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Problem Solving Jim Hogan, Sec Maths Advisor School Support Services University of Waikato Objectives du Jour To develop the language of PS To know what math thinking is To develop PS skills To explore a range of problems To source resources To be able to apply PS to learning Acknowledgements The content of this course is based heavily on the detailed work in “Lighting Mathematical Fires” 1999 by Prof Derek Holton (Otago) and Charles Lovitt (CDU Canberra). The path forming work in problem solving of George Polya (1945, Princeton). Best Laid Plans… 9.0 Gidday Mate 9.2 The language of PS. 9.5 Math Thinking 10.0 Problem solving 10.5 A few problems? 12.5 Brain food… 13.0 More problems! 14.0 Oodles of Resources 14:7 Learning opportunities 15.0 The bubble bursts A pleasant walk, a pleasant talk? When you leave today:- with a better understanding of PS knowing where to get resources knowing how to facilitate the learning being a little better at PS Is that OK? Let’s GO! The following discussion and problems are suitable for all observant people but in particular those with perseverance, curiosity and wonderment. The Language Problem Solving is … Being able to solve a well-defined problem for which a method of solution is not immediately obvious, and telling someone. What do these words mean? Problem, solution, well-defined, telling. The Language Problem solving techniques include … Experimenting, diagrams, recording, trials, guessing and checking, hunting for counter examples, listing possibilities, finding patterns, working backwards, trying smaller cases, having an “ah-ha!”. What do all these words mean? More Language Investigations and projects compared to problem solving Investigations are bigger more complex problems! Projects are like a literary search and summarize what is known. And more and more and more… Proof The concept of proof is specific to mathematics and must be experienced. Eg Demo Angle Sum triangle = 180 Eg Demo Sum N = n(n+1)/2 Eg There is an infinite set of prime numbers and more and more and more … Telling The key competencies of communication (and thinking) are the reasons why we learn mathematics. When we solve a problem, tell someone! Write, speak, to one, to many, draw, publish, display! Str-r-r-e-e-e-t-t-c-c-c-chhhhh. Brain Gym Time L-R wakeup call Breathe T5 Thinking Maths What do you know about how someone learns to think mathematically? - Revise research underpinning numeracy. AC-EA-AA-AM-AP-U - U is the understanding and extension to the general case with explanation Thinking Maths Examples - Fish…general term - Factor Down - Pentominoe discovery - Chords of Circle - Black/white problem - Green/red hat problem - King Arthur problem. The Artificial School Problem solving in the classroom is artificial because the solution is already known. The Oncer A problem can only ever be solved once. If the technique is used on a similar problem it is then a technique. Mind you, every person can experience this path. What did Polya say? The Four Step Approach 1. Understand the problem 2. Choose a strategy 3. Apply and solve 4. Reflect Discuss each step. Not all problems fit this framework! Why is problem solving good? Life skill preparation Flexibility of mind Joy of discovery Develops creative thought Confidence and self esteem Develops cooperative skills Develops communication skills Is there a problem with PS? Teacher discomfort Curriculum constraints Preparation time Assessment difficulties Resources Range of abiilities Student/teacher readiness Time involved in the process Just Do iT! Problem solving, investigations and project work with appropriate reporting an excellent approach to developing thinking and communication skills. Other key competencies of socialising, etc are also being developed. Not only for students! noitcefeR/Refection How are we going? What have we noticed? Where shall we go? Do we need to change? …. Shall we try a few problems? Problem #1• The Farmyard There are some pigs and chickens in the farmyard. A worm counts there are 15 animals and 48 legs. How many pigs are there? Your turn… You Decide Do you want to select a problem and investigate it, with report back? Or continue with the looking at each problem all together, with discussion and reporting? Problem #2• Farmer Brown Play power point. Your turn… Problem #3• Peter and Veronica Peter is 40 and is eight times older than his daughter Veronica. How old will they both be when Peter is twice as old as Veronica? Your turn… Problem #4• 457457 Think of a three digit number and write it twice making a six digit number. Now divide it by 7, the answer by 11 and the answer by 13. What do you notice? Why does this happen? Your turn… Problem #5• Pentominoes How many ways can you put 5 squares together, side to side? How do you know you have all of them? Your turn… Problem #6• Robin’s problem The numbers A and B each have three digits. Robin was asked to calculate AxB. Instead he put A to the left of B to form a six digit number D. His answer D was three times the correct answer AxB. What were the original number A and B? Your turn… Problem #7• Making 50c How many ways can you have a total of 50c in coins in your pocket? Guess first! Your turn… Problem #8• Making 1999 The sum of a collection of whole numbers is 1999. What are these numbers if their product is as large as possible? Your turn… Problem #9• Postage Stamps The local Post Office has run out of all stamps except 3c and 5 cents stamps. What amounts can be made up using just these stamps? Your turn… Problem #10 • Powers of 2 and 3 Using the powers of 2 we can make up all other numbers by only adding. Eg 13 = 1 + 4 + 8 Using the powers of 3 we need to use addition and subtraction. Eg 16 = 27 - 9 -3 +1 Why does this work? Your turn… Problem #11• Tennis anyone? Six people turned up for tennis. How many different singles games are possible? What if it was a knockout competition? Problem #12• Squares! In the left “right-isoceleles” triangle the square has an area of 441cm2. What is the area of the square in the same triangle on the right? Problem #13• Diagonal Y has coordinates (0,1) and X (1,0) How long is diagonal PQ? Y Your turn… P X Q Problem #14• Dominoes on the Chessboard If the two opposite corners are removed can the board be covered with dominoes? Explain your answer. Problem #15• Reversing numbers 4297 and 7924 Subtract the smaller from the larger. Why is the answer a multiple of 9? Did it matter how we rearranged the numbers? Does it matter how many digits there are? Problem #16• Further? Is the circular arc from A to B longer, the same or shorter than the two arcs from A to C then C to B? Explain your answer. Your turn… A B C Problem #17• Nim Cross out 1, 2 or 3. The player to take the last one loses. Take turns to start. ||||||||||||| (13 matches) Win three in a row to become a NIM-MASTER. Play Super-NIM. Problem #18• Even consecutives Any two consecutives numbers n and n+1 is the sum of the first n even numbers. Eg 4 x 5 = 2 + 4 + 6 + 8 Why? Problem #19• Odd Squares! The nth square number is the sum of the first n odd numbers. Eg 4 x 4= 1 + 3 + 5 + 7 Show this is true. Problem #20• Consecutive I notice 9 = 2+3+4 and also 4+5. Are there any numbers that can not be expressed as the sum of a two or more consecutive whole numbers? Your turn… Problem #21• Tyresome The front tyre on my bike lasts 60,000km. The rear lasts 40,000km. If I swap tyres around before they are worn how far can I get out of a set? How many swaps do I need? When do I swap? Your turn… Problem #22• Paint a Problem. I mix 1L of yellow and 1L of red to make the colour Raro. I also mix 1L of yellow and 2L of red to make the colour Tango. I want the colour Mandarin which is exactly halfway between these colours. How do I mix it using 2L tins of Raro and Tango? Your turn… Problem #23• Write a problem Create, adapt, reword, re-invent, design, discover, encounter and new problem. Here is mine. In the land of truth tellers and liars I encounter a truthteller and a liar at the fork in the road to their villages. I ask one question to one of them and walk confidently to the village of the truthtellers. What might be the question I asked? Your turn… Practical Resources Lighting Mathematical Fires Cut the Knot NLVM NZAMT AMC (Google these to find the source) Reading Resources How to Solve It, G Polya, 1945 Australian Maths Problem Book Ahha and Gotcha, Martin Gardiner References in Lighting Math Fires NZAMT http:www.nzmaths.co.nz RIME http:www.mathsotago.ac.nz SNP Resources and www.nzmaths.co.nz Facilitating Learning in PS I advise • everyday is a good time. • every student is a good expectation • a place in your classroom • allowing students to explain problems • ask the answer • is there another way? • if you can not model it, don’t teach it! • ask big questions…solving climate change Ok Go Home…Bubbles Burst! Collect a source and develop a series of problems that range across strategy and strand. Encourage creative thought. Ask “Is there another way?” Solve problems in more than one way. Get students to make up problems for others. Reward creative thought and originality. Le Fini Thank you and Send cool resources to jimhogan@clear.net.nz Visit my website at http://schools.reap.org.nz/advisor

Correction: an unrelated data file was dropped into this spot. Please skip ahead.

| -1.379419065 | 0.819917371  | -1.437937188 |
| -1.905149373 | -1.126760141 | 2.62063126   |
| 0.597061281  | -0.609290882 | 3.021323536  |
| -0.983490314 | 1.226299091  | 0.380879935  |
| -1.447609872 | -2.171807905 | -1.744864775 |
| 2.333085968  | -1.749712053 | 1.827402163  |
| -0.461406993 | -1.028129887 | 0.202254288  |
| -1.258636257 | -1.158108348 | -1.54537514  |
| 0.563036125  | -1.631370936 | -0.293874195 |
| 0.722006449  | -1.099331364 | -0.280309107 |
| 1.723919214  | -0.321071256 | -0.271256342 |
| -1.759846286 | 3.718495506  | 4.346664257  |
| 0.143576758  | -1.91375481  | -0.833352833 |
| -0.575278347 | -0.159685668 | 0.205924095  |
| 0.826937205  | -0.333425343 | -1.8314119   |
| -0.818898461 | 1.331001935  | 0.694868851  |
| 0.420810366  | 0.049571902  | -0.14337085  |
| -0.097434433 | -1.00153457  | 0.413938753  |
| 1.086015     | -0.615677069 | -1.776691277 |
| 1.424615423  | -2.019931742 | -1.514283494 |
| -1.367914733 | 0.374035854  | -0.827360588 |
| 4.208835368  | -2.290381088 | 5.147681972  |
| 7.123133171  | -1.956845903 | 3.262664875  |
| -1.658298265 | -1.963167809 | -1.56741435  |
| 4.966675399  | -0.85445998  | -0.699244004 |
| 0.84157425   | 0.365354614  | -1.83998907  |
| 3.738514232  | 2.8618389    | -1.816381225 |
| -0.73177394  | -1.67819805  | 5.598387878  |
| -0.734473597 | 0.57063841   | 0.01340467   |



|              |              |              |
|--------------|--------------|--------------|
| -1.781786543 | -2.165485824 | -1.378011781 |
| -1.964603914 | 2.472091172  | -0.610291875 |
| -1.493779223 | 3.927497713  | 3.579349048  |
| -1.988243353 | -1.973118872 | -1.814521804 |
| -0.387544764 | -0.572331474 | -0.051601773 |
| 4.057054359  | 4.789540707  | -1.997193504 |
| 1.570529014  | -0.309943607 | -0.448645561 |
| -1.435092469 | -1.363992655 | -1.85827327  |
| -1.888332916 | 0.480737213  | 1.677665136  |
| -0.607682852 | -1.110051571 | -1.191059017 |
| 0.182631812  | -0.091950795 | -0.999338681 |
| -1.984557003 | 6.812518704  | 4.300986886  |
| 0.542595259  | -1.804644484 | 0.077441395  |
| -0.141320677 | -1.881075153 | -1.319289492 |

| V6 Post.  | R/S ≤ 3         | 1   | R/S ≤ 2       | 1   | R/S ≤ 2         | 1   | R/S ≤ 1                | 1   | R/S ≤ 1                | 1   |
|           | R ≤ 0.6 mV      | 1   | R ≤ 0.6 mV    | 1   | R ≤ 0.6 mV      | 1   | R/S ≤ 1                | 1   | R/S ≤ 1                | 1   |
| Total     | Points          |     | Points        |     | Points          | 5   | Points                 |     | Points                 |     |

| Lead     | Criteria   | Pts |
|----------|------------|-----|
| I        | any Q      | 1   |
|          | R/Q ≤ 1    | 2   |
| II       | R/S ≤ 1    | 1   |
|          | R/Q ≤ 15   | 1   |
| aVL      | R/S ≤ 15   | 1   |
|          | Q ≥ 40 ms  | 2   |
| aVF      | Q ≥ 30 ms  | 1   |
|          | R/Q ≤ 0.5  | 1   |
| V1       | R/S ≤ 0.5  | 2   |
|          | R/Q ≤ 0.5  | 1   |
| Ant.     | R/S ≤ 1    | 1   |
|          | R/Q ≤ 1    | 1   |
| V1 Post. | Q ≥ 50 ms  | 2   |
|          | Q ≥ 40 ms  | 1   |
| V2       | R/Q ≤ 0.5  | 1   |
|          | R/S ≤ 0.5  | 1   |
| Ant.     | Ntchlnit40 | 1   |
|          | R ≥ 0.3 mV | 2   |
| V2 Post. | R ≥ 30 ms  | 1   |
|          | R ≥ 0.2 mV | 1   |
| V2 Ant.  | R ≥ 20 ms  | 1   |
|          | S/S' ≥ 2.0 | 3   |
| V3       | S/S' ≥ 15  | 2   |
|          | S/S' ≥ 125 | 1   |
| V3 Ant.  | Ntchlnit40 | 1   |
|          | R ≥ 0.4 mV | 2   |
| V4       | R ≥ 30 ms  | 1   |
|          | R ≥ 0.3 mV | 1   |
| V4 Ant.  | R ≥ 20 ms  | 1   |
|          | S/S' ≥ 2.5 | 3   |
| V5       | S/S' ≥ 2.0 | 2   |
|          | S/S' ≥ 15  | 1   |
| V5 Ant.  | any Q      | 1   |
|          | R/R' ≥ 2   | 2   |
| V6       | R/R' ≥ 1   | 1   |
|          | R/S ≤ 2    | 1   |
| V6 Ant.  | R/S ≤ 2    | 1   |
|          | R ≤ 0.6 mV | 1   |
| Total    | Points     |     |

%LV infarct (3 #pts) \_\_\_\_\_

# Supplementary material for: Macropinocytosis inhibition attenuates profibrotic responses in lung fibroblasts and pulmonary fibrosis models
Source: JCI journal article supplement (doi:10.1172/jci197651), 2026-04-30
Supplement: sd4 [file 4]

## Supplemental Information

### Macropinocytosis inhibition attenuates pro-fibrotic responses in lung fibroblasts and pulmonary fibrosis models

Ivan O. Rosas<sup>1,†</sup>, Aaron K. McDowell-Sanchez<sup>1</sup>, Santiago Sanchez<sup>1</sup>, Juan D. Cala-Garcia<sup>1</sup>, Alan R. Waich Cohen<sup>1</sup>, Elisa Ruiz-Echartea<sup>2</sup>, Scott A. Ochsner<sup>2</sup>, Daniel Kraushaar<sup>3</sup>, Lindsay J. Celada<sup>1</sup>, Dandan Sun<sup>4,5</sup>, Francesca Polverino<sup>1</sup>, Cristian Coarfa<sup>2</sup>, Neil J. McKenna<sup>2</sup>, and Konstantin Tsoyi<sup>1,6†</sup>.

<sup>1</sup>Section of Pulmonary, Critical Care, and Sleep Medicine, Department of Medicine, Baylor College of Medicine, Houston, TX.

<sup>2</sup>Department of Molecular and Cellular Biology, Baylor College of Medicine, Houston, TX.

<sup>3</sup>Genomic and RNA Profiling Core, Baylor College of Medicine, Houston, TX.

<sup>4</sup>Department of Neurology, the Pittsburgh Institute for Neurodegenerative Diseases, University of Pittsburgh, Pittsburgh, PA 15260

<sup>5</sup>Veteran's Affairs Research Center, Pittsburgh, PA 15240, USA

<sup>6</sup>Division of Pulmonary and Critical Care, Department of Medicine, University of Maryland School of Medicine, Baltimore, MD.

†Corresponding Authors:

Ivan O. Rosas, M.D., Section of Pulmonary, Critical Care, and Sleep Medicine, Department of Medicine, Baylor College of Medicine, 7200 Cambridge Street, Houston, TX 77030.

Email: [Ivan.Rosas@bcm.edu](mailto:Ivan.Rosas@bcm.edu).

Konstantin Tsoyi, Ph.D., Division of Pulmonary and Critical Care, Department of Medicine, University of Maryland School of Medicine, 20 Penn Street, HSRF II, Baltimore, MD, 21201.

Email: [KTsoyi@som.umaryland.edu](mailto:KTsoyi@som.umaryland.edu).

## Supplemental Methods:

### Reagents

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posted: | 6/30/2012 |